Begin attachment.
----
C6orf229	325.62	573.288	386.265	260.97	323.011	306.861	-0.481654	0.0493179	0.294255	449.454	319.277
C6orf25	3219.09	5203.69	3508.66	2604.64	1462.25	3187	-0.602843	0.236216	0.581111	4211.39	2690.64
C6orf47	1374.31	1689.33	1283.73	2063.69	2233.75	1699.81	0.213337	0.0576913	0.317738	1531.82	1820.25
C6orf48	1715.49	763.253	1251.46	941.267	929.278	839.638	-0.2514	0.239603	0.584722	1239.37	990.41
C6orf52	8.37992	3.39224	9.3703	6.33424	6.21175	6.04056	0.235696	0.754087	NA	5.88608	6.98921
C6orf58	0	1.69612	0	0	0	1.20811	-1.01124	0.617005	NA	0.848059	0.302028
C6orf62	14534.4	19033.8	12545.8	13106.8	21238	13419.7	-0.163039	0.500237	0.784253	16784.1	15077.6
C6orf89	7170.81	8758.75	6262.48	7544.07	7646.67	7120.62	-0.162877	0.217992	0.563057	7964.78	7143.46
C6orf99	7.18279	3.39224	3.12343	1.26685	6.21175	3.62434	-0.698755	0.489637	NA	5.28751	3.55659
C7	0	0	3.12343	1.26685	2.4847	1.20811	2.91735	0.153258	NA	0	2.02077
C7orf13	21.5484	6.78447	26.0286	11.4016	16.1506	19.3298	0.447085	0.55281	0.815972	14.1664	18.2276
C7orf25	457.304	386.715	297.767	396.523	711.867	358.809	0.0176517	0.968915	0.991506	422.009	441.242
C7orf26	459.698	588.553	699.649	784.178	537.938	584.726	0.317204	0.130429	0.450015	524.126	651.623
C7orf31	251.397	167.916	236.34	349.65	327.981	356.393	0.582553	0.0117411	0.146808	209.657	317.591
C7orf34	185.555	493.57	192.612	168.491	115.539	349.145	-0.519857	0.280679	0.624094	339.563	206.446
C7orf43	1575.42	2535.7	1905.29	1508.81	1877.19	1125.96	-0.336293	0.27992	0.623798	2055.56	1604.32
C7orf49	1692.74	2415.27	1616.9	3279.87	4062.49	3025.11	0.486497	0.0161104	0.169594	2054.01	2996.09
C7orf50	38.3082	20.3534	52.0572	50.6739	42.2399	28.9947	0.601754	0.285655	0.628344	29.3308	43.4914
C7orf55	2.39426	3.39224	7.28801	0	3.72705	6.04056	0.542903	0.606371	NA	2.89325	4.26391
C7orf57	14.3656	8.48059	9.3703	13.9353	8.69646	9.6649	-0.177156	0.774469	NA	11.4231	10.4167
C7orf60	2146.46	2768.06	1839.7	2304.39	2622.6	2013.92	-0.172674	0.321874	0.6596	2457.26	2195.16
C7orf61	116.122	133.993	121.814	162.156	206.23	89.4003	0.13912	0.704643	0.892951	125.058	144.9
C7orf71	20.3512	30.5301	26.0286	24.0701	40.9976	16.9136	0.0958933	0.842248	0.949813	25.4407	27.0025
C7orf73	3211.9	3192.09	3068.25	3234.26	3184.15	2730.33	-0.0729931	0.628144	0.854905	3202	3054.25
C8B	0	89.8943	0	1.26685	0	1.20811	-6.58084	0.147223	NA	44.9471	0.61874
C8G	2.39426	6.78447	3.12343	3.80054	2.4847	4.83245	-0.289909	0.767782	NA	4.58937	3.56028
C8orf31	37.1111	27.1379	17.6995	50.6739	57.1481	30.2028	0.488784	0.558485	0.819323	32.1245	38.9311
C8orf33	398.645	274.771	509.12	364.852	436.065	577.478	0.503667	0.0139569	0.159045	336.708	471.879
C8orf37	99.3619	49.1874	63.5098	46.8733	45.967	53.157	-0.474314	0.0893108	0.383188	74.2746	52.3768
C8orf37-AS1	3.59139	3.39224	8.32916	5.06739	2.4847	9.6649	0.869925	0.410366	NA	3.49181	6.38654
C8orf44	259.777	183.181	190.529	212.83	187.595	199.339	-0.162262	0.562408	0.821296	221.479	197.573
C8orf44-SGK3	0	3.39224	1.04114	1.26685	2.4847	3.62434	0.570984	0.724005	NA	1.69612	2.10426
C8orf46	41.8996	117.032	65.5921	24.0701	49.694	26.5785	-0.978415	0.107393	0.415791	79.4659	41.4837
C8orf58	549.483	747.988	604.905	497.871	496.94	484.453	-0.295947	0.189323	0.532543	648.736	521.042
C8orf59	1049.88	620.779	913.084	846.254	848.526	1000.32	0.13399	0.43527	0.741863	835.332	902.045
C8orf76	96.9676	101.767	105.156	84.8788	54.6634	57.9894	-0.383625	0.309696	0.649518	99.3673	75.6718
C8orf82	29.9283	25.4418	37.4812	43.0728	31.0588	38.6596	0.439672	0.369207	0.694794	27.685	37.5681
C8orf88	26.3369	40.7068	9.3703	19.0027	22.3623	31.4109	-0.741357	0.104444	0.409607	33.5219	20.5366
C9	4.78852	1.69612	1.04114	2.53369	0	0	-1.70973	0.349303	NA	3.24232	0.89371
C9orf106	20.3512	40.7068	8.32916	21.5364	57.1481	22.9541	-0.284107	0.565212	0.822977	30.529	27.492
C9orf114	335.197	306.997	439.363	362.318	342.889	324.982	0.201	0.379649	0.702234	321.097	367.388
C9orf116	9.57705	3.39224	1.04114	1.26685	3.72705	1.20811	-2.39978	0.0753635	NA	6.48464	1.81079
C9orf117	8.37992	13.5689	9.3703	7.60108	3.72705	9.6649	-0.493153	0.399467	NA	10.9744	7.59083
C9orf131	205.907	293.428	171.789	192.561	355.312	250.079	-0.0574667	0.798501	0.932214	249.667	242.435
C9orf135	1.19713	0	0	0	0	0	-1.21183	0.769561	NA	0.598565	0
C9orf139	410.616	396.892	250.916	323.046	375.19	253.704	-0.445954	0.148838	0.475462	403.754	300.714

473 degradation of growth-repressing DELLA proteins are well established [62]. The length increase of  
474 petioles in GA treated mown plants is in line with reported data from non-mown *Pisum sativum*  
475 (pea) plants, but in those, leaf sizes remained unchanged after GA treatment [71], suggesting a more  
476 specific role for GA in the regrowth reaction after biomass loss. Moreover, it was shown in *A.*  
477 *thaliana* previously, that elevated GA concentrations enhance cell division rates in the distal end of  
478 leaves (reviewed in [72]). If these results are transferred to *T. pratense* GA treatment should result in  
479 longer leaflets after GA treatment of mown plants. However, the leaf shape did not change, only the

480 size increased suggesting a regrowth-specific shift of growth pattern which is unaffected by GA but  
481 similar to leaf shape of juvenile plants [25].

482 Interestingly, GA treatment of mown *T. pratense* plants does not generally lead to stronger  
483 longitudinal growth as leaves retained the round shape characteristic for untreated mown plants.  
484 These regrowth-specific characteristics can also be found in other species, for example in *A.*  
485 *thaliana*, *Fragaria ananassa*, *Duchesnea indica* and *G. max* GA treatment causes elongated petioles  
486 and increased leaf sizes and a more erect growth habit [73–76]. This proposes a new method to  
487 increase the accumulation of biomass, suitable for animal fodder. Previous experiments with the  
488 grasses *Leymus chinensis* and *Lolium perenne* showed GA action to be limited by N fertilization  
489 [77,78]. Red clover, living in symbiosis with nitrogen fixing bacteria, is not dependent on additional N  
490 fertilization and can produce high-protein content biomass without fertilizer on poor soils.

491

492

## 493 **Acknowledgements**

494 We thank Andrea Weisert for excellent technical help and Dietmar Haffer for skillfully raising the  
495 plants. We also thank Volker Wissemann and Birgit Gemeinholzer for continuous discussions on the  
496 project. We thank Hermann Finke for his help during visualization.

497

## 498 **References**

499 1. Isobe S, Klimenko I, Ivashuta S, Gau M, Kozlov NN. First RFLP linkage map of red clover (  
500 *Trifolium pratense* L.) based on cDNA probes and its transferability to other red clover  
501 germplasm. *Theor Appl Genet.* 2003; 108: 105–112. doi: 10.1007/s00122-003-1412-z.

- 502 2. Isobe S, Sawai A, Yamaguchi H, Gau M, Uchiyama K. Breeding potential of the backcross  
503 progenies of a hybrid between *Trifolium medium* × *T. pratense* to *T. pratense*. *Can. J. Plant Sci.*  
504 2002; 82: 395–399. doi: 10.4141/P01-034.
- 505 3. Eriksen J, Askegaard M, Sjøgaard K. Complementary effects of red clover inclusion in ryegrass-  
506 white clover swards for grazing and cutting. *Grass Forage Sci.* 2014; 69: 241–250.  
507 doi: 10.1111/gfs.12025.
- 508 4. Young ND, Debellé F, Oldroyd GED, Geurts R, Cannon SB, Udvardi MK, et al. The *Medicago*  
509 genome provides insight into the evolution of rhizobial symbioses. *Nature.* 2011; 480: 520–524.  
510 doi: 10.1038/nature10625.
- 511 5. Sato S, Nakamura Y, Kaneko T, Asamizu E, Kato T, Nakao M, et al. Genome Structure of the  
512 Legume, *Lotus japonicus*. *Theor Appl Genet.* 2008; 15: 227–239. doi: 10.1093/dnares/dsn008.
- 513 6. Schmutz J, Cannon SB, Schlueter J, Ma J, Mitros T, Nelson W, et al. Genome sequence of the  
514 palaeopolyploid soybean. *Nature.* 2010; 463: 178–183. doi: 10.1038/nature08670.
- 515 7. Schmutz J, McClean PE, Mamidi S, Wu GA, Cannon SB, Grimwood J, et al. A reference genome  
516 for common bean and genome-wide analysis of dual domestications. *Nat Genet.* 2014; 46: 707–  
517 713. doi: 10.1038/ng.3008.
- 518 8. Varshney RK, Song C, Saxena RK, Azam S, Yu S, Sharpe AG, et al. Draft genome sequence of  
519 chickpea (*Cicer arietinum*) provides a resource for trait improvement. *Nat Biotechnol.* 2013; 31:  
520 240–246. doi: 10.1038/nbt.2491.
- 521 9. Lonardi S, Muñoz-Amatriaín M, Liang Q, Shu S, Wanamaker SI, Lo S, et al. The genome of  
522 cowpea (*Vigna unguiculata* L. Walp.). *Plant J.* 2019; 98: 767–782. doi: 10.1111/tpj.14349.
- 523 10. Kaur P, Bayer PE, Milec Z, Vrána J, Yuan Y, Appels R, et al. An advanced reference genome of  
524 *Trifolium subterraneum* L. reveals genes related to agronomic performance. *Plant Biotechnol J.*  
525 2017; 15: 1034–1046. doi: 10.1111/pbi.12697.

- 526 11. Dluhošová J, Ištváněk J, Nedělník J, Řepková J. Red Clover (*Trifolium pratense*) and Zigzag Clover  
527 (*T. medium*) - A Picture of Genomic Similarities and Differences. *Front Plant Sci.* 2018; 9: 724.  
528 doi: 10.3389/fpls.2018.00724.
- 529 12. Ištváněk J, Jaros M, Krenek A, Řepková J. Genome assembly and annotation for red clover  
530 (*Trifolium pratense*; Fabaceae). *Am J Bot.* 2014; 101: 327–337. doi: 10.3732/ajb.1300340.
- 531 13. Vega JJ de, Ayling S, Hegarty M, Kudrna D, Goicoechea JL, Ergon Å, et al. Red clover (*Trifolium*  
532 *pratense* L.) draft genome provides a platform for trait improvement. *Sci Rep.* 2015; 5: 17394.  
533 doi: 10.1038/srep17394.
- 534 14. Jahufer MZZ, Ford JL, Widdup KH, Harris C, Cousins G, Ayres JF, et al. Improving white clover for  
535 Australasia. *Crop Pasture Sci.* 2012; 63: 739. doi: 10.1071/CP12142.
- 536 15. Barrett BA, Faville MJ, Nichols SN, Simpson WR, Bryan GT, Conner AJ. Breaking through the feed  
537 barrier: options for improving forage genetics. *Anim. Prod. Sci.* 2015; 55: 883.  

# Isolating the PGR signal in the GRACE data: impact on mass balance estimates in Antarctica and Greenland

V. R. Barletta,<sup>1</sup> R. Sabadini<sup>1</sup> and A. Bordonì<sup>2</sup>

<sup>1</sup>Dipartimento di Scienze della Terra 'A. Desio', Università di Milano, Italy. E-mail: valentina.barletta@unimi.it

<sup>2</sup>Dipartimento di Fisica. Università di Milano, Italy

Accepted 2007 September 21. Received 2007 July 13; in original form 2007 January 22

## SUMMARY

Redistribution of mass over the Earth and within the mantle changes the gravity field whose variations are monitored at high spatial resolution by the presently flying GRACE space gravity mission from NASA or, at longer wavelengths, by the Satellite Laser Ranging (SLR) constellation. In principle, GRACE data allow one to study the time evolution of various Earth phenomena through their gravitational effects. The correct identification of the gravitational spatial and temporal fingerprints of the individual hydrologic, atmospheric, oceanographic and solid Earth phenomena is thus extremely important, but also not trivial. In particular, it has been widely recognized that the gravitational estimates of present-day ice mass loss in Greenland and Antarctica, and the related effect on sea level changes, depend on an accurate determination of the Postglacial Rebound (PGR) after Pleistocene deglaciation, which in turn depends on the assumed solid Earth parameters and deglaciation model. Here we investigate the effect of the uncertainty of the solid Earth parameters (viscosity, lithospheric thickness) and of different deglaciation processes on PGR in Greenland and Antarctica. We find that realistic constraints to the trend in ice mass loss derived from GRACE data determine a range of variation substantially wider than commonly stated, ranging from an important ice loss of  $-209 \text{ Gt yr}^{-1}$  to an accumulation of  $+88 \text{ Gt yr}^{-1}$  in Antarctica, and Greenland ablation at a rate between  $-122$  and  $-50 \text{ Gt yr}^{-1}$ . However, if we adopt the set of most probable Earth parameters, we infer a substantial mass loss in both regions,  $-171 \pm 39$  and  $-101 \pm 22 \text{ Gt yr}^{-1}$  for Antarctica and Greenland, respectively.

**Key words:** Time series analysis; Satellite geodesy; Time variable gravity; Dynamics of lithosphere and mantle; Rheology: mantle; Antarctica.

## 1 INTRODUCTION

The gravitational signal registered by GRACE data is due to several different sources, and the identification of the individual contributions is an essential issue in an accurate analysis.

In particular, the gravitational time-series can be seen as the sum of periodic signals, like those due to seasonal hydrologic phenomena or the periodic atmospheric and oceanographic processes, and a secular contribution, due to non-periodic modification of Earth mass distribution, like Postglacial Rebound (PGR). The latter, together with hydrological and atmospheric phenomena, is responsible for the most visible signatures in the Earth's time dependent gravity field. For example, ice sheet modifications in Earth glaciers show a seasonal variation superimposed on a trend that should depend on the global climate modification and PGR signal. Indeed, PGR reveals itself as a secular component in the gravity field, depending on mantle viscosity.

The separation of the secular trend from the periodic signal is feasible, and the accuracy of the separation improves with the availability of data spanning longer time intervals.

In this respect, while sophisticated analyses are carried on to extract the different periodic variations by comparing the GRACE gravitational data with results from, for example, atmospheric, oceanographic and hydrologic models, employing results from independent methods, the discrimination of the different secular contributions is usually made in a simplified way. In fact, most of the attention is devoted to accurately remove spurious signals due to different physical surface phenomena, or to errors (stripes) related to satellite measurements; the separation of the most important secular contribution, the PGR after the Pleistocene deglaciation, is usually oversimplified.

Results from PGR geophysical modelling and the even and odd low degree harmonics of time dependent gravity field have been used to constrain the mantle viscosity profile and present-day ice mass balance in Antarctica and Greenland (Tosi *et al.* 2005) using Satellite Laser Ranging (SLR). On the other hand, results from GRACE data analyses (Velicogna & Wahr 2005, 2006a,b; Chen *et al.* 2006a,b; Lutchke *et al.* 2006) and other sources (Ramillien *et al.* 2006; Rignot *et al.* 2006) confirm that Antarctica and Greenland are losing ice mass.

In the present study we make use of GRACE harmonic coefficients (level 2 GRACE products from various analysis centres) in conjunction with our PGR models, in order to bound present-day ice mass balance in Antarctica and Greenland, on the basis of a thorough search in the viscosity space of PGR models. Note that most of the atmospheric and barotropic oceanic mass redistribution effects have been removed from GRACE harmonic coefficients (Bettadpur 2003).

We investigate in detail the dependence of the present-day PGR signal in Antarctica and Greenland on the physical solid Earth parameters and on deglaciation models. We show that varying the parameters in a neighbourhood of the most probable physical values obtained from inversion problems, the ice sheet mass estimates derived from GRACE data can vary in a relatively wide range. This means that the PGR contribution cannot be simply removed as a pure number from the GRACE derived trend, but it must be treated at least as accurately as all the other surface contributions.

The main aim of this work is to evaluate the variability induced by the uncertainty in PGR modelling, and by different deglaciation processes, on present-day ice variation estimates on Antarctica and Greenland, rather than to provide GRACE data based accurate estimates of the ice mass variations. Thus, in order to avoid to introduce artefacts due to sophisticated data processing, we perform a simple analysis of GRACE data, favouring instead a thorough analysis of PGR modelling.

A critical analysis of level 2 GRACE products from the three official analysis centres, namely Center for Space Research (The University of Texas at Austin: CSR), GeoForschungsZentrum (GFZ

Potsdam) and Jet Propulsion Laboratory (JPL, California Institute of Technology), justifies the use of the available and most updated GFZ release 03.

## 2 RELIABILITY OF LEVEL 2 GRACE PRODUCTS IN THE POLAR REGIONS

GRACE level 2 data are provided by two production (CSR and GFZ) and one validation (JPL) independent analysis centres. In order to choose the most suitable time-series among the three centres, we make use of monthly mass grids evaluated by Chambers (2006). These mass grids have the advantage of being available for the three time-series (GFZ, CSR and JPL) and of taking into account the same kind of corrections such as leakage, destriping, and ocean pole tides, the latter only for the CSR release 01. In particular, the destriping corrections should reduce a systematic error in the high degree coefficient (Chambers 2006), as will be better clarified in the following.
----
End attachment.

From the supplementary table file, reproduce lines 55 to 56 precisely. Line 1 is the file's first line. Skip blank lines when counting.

481 similar to leaf shape of juvenile plants [25].

482 Interestingly, GA treatment of mown *T. pratense* plants does not generally lead to stronger  